When 1+1=3 – Part 1
If there’s one truism that 14 years in the Vision Therapy room have taught me, it’s that assumptions are dangerous – maybe even disastrous. It can be difficult to avoid assumptions though, we all perceive the world through our own filter and at times those filters can be jaded by our past experiences and expectations. My toughest days in VT are those where my personal and outside world is clouding my filter; while my greatest days in therapy – that is the days I feel I am really “on” – are the days where my mechanism for assumptions is checked at the door or even unplugged all together.
As patient profiles go, Caroline was pretty straight forward as a second grader who is falling behind ever so slightly in reading. Her exam findings were decent but revealed a few small areas of concern, and she enrolled in Vision Therapy. The initial estimation for her program was a duration of 4 months. Since there were no academic concerns beyond reading, the bulk of our time with Caroline in the VT room was to be focused on improving her reading skills. Along the way, her mom shared an interesting, yet seemingly random, observation about Caroline’s math skills during one of our sessions:
“It seems like she forgets how to count” mom shared.
The context of the comment was within a larger conversation regarding a recent parent/teacher conference. The report from Caroline’s teacher was all positive, including improved reading skills since beginning Vision Therapy. Mom’s comment was recorded in Caroline’s chart simply as an “area to explore”. End of conversation. My assumption at the time was “Yeah, right. She’s in second grade with a stellar report card – she knows how to count”. I assumed mom was perhaps being a little over zealous.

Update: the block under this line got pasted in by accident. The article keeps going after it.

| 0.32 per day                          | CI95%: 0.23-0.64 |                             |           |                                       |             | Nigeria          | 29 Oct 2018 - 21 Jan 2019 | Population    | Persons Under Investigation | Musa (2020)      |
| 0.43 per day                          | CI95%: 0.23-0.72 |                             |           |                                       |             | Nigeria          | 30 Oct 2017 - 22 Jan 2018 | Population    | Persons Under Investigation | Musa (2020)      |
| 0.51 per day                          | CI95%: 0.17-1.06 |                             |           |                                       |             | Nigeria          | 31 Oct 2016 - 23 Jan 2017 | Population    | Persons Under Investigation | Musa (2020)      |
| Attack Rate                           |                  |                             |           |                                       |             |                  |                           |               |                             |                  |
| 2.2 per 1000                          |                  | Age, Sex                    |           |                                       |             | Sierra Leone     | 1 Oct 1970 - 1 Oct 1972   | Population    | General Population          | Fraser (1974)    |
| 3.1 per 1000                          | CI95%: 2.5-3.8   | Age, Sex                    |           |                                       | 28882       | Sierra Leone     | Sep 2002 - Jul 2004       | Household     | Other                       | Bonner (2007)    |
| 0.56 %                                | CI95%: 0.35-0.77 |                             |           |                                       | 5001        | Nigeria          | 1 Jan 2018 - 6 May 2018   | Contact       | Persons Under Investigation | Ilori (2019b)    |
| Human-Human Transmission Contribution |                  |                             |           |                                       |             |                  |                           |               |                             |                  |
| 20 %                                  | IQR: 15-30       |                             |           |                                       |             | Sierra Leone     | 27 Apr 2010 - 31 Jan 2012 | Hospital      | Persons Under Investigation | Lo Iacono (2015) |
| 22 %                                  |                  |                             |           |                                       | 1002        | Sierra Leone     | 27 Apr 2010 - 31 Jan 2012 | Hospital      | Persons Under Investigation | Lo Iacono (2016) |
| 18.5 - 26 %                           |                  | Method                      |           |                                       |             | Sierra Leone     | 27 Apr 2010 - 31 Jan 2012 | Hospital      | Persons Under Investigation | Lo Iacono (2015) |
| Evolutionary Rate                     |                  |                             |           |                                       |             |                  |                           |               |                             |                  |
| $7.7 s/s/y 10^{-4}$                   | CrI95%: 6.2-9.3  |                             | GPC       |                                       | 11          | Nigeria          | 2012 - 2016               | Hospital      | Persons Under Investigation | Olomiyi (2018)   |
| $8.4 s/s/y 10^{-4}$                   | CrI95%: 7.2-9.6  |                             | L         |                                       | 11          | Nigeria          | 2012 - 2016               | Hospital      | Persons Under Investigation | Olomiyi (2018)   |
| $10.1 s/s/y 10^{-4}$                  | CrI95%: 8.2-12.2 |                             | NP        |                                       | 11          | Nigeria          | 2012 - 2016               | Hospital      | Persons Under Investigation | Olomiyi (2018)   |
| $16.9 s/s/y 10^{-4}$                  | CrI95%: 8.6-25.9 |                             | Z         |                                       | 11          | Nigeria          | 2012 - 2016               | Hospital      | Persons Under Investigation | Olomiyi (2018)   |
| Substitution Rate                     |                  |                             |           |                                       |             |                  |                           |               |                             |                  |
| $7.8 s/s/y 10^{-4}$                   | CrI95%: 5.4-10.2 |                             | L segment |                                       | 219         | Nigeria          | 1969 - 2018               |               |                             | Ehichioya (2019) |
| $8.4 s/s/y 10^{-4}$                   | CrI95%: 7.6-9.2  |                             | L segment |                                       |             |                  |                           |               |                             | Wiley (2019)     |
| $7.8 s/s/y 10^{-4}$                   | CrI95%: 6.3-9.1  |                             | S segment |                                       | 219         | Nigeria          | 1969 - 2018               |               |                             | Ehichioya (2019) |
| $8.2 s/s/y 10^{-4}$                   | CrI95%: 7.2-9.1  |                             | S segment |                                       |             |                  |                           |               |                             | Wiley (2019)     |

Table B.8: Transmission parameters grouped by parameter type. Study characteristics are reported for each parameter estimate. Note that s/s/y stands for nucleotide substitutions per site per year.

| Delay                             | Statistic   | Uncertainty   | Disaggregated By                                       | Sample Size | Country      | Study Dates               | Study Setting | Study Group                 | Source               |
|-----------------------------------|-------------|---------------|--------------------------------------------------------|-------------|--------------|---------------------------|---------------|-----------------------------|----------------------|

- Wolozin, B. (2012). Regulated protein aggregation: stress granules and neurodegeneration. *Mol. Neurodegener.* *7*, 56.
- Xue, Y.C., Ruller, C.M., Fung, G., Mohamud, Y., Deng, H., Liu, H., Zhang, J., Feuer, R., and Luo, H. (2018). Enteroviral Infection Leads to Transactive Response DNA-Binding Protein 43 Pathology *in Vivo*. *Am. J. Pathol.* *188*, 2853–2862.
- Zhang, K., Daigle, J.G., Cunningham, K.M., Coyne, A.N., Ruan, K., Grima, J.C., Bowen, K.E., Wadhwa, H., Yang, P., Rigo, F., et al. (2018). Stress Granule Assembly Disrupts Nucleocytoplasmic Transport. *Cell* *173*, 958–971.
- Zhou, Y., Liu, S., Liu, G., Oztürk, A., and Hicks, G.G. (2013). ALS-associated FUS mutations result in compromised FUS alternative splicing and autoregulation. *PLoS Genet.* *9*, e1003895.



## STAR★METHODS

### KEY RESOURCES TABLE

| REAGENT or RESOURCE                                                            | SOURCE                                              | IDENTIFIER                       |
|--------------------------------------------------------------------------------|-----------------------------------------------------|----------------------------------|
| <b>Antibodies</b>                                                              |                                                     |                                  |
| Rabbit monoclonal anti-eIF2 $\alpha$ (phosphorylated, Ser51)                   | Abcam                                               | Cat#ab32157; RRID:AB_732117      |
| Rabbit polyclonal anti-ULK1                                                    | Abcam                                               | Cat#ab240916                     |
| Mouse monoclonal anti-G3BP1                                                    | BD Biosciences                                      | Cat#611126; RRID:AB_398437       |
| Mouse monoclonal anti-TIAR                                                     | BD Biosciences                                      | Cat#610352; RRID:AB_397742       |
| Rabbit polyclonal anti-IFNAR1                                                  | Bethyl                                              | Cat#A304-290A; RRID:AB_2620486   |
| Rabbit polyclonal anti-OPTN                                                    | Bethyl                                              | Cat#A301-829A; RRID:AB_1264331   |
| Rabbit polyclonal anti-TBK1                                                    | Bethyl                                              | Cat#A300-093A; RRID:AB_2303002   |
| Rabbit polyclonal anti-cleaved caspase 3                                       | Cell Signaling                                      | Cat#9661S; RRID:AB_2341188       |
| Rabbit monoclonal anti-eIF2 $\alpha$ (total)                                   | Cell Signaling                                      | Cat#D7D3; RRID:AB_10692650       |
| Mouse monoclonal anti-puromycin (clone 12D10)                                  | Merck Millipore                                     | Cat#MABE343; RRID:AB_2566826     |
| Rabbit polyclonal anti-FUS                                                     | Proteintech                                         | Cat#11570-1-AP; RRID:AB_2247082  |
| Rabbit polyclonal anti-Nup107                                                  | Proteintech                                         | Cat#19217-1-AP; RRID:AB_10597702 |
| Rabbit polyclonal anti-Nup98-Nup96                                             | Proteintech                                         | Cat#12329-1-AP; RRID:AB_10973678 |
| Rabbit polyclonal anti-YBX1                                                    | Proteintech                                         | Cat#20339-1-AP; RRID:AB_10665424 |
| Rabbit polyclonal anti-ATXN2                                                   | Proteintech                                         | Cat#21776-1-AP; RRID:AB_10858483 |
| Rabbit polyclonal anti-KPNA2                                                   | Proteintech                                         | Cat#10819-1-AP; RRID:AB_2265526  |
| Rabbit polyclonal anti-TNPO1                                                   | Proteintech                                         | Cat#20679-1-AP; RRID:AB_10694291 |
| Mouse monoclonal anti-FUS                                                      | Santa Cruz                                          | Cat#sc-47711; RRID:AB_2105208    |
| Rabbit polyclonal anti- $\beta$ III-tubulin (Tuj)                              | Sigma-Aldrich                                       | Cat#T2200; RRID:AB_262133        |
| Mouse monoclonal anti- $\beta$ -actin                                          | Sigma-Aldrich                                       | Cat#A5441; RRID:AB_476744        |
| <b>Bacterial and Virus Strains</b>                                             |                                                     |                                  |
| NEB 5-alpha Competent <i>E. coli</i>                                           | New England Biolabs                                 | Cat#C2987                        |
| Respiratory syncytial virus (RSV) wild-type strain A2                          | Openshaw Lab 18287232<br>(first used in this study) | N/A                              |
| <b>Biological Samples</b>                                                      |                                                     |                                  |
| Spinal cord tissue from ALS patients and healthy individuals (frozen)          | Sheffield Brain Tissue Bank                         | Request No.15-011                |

Bad move on my part.
The following week though, I performed my due diligence with Caroline and pulled out 10 one-inch cubes to review 1:1 correspondence. As customary, we started with a group of five blocks and counted them for each other. First it’s my turn. 1…2…3…4…5. Good, now you count them for me. 1…2…3…4…5. Good. We reviewed who has more, who has less, how spatial orientation of a set number of blocks doesn’t change the quantity, and even talked about how grouping them differently can change the value. She flew through it. Like I thought, she seems solid in this area.
I was feeling pretty good about my assumption that everything was OK with Caroline’s counting and math, that is until my proverbial glass house was shattered by my next question. With the blocks hidden, I asked Caroline “if you had one block and I had one block, and we decided to put them together in a pile, how many blocks would be in our pile?”
“Three!” she answered, and she wasn’t kidding.
Wait a minute – what?